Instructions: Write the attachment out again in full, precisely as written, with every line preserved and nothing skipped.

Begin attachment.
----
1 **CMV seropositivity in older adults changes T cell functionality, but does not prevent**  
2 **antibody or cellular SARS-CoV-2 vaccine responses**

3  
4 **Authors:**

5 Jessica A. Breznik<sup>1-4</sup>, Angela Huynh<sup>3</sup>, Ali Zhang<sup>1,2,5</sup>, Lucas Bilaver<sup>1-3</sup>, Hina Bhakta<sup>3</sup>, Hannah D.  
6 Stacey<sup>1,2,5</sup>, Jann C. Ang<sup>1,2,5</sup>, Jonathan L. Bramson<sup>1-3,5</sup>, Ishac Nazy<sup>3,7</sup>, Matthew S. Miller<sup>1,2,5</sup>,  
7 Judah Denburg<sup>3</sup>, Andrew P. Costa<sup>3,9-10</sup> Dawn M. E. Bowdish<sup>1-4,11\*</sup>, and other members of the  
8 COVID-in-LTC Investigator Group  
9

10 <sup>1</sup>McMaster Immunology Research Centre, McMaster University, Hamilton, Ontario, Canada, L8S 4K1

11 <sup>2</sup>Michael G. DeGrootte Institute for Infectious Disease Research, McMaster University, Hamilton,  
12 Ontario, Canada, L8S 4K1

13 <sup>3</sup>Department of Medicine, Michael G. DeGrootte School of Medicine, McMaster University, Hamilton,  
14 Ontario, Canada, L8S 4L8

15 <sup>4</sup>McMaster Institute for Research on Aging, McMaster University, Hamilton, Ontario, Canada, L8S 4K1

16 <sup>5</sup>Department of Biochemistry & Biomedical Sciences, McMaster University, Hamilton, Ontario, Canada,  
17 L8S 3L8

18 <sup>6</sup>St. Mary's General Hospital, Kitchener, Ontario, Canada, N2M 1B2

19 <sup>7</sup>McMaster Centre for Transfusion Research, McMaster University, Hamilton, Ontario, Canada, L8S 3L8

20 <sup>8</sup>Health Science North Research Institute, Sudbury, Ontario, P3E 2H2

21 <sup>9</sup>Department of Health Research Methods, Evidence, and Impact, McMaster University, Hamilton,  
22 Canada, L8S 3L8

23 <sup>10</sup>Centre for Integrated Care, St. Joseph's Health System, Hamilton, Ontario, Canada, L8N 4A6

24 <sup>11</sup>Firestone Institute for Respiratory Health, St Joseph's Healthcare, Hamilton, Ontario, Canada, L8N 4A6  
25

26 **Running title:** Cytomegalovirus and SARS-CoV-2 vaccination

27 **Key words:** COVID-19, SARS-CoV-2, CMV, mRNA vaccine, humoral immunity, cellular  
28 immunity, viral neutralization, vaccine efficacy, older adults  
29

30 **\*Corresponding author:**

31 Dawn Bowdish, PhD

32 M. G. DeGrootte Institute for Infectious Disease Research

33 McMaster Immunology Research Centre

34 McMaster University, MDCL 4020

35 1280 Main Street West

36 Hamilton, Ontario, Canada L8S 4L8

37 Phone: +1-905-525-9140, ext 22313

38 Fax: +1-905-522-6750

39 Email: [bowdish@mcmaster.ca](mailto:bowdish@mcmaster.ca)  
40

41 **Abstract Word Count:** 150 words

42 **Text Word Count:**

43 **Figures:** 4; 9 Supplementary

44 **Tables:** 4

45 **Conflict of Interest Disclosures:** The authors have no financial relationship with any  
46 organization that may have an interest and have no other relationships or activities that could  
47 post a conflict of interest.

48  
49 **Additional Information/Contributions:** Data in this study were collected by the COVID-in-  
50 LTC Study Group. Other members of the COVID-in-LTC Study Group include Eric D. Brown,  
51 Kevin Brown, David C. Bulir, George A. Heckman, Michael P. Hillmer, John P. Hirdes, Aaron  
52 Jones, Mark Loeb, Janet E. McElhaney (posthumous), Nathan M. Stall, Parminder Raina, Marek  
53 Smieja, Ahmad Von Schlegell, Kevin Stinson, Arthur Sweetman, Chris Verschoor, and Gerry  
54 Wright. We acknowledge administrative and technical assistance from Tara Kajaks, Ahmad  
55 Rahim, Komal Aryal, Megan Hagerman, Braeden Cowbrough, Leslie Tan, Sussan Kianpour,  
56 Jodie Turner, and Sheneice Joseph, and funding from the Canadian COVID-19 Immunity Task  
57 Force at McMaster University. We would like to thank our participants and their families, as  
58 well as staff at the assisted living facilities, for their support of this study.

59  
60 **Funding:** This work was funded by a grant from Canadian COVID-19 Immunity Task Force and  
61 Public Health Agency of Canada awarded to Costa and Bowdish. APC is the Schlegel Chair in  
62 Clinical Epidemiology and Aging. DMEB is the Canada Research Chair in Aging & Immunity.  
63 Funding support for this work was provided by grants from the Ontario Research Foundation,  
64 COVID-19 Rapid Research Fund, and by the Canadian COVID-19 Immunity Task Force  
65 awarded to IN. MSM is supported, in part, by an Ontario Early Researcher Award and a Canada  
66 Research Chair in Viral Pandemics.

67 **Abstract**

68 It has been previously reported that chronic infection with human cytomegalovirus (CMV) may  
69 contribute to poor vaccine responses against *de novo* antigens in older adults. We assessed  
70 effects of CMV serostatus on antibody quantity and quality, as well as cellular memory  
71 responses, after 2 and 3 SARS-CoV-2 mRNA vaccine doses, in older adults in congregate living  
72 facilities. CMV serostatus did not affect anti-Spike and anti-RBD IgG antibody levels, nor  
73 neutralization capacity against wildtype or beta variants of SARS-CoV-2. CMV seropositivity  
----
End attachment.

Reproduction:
1 **CMV seropositivity in older adults changes T cell functionality, but does not prevent**  
2 **antibody or cellular SARS-CoV-2 vaccine responses**

3  
4 **Authors:**

5 Jessica A. Breznik<sup>1-4</sup>, Angela Huynh<sup>3</sup>, Ali Zhang<sup>1,2,5</sup>, Lucas Bilaver<sup>1-3</sup>, Hina Bhakta<sup>3</sup>, Hannah D.  
6 Stacey<sup>1,2,5</sup>, Jann C. Ang<sup>1,2,5</sup>, Jonathan L. Bramson<sup>1-3,5</sup>, Ishac Nazy<sup>3,7</sup>, Matthew S. Miller<sup>1,2,5</sup>,  
7 Judah Denburg<sup>3</sup>, Andrew P. Costa<sup>3,9-10</sup> Dawn M. E. Bowdish<sup>1-4,11\*</sup>, and other members of the  
8 COVID-in-LTC Investigator Group  
9

10 <sup>1</sup>McMaster Immunology Research Centre, McMaster University, Hamilton, Ontario, Canada, L8S 4K1

11 <sup>2</sup>Michael G. DeGrootte Institute for Infectious Disease Research, McMaster University, Hamilton,  
12 Ontario, Canada, L8S 4K1

13 <sup>3</sup>Department of Medicine, Michael G. DeGrootte School of Medicine, McMaster University, Hamilton,  
14 Ontario, Canada, L8S 4L8

15 <sup>4</sup>McMaster Institute for Research on Aging, McMaster University, Hamilton, Ontario, Canada, L8S 4K1

16 <sup>5</sup>Department of Biochemistry & Biomedical Sciences, McMaster University, Hamilton, Ontario, Canada,  
17 L8S 3L8

18 <sup>6</sup>St. Mary's General Hospital, Kitchener, Ontario, Canada, N2M 1B2

19 <sup>7</sup>McMaster Centre for Transfusion Research, McMaster University, Hamilton, Ontario, Canada, L8S 3L8

20 <sup>8</sup>Health Science North Research Institute, Sudbury, Ontario, P3E 2H2

21 <sup>9</sup>Department of Health Research Methods, Evidence, and Impact, McMaster University, Hamilton,  
22 Canada, L8S 3L8

23 <sup>10</sup>Centre for Integrated Care, St. Joseph's Health System, Hamilton, Ontario, Canada, L8N 4A6

24 <sup>11</sup>Firestone Institute for Respiratory Health, St Joseph's Healthcare, Hamilton, Ontario, Canada, L8N 4A6  
25

26 **Running title:** Cytomegalovirus and SARS-CoV-2 vaccination

27 **Key words:** COVID-19, SARS-CoV-2, CMV, mRNA vaccine, humoral immunity, cellular  
28 immunity, viral neutralization, vaccine efficacy, older adults  
29

30 **\*Corresponding author:**

31 Dawn Bowdish, PhD

32 M. G. DeGrootte Institute for Infectious Disease Research

33 McMaster Immunology Research Centre

34 McMaster University, MDCL 4020

35 1280 Main Street West

36 Hamilton, Ontario, Canada L8S 4L8

37 Phone: +1-905-525-9140, ext 22313

38 Fax: +1-905-522-6750

39 Email: [bowdish@mcmaster.ca](mailto:bowdish@mcmaster.ca)  
40

41 **Abstract Word Count:** 150 words

42 **Text Word Count:**

43 **Figures:** 4; 9 Supplementary

44 **Tables:** 4

45 **Conflict of Interest Disclosures:** The authors have no financial relationship with any  
46 organization that may have an interest and have no other relationships or activities that could  
47 post a conflict of interest.

48  
49 **Additional Information/Contributions:** Data in this study were collected by the COVID-in-  
50 LTC Study Group. Other members of the COVID-in-LTC Study Group include Eric D. Brown,  
51 Kevin Brown, David C. Bulir, George A. Heckman, Michael P. Hillmer, John P. Hirdes, Aaron  
52 Jones, Mark Loeb, Janet E. McElhaney (posthumous), Nathan M. Stall, Parminder Raina, Marek  
53 Smieja, Ahmad Von Schlegell, Kevin Stinson, Arthur Sweetman, Chris Verschoor, and Gerry  
54 Wright. We acknowledge administrative and technical assistance from Tara Kajaks, Ahmad  
55 Rahim, Komal Aryal, Megan Hagerman, Braeden Cowbrough, Leslie Tan, Sussan Kianpour,  
56 Jodie Turner, and Sheneice Joseph, and funding from the Canadian COVID-19 Immunity Task  
57 Force at McMaster University. We would like to thank our participants and their families, as  
58 well as staff at the assisted living facilities, for their support of this study.

59  
60 **Funding:** This work was funded by a grant from Canadian COVID-19 Immunity Task Force and  
61 Public Health Agency of Canada awarded to Costa and Bowdish. APC is the Schlegel Chair in  
62 Clinical Epidemiology and Aging. DMEB is the Canada Research Chair in Aging & Immunity.  
63 Funding support for this work was provided by grants from the Ontario Research Foundation,  
64 COVID-19 Rapid Research Fund, and by the Canadian COVID-19 Immunity Task Force  
65 awarded to IN. MSM is supported, in part, by an Ontario Early Researcher Award and a Canada  
66 Research Chair in Viral Pandemics.

67 **Abstract**

68 It has been previously reported that chronic infection with human cytomegalovirus (CMV) may  
69 contribute to poor vaccine responses against *de novo* antigens in older adults. We assessed  
70 effects of CMV serostatus on antibody quantity and quality, as well as cellular memory  
71 responses, after 2 and 3 SARS-CoV-2 mRNA vaccine doses, in older adults in congregate living  
72 facilities. CMV serostatus did not affect anti-Spike and anti-RBD IgG antibody levels, nor  
73 neutralization capacity against wildtype or beta variants of SARS-CoV-2. CMV seropositivity  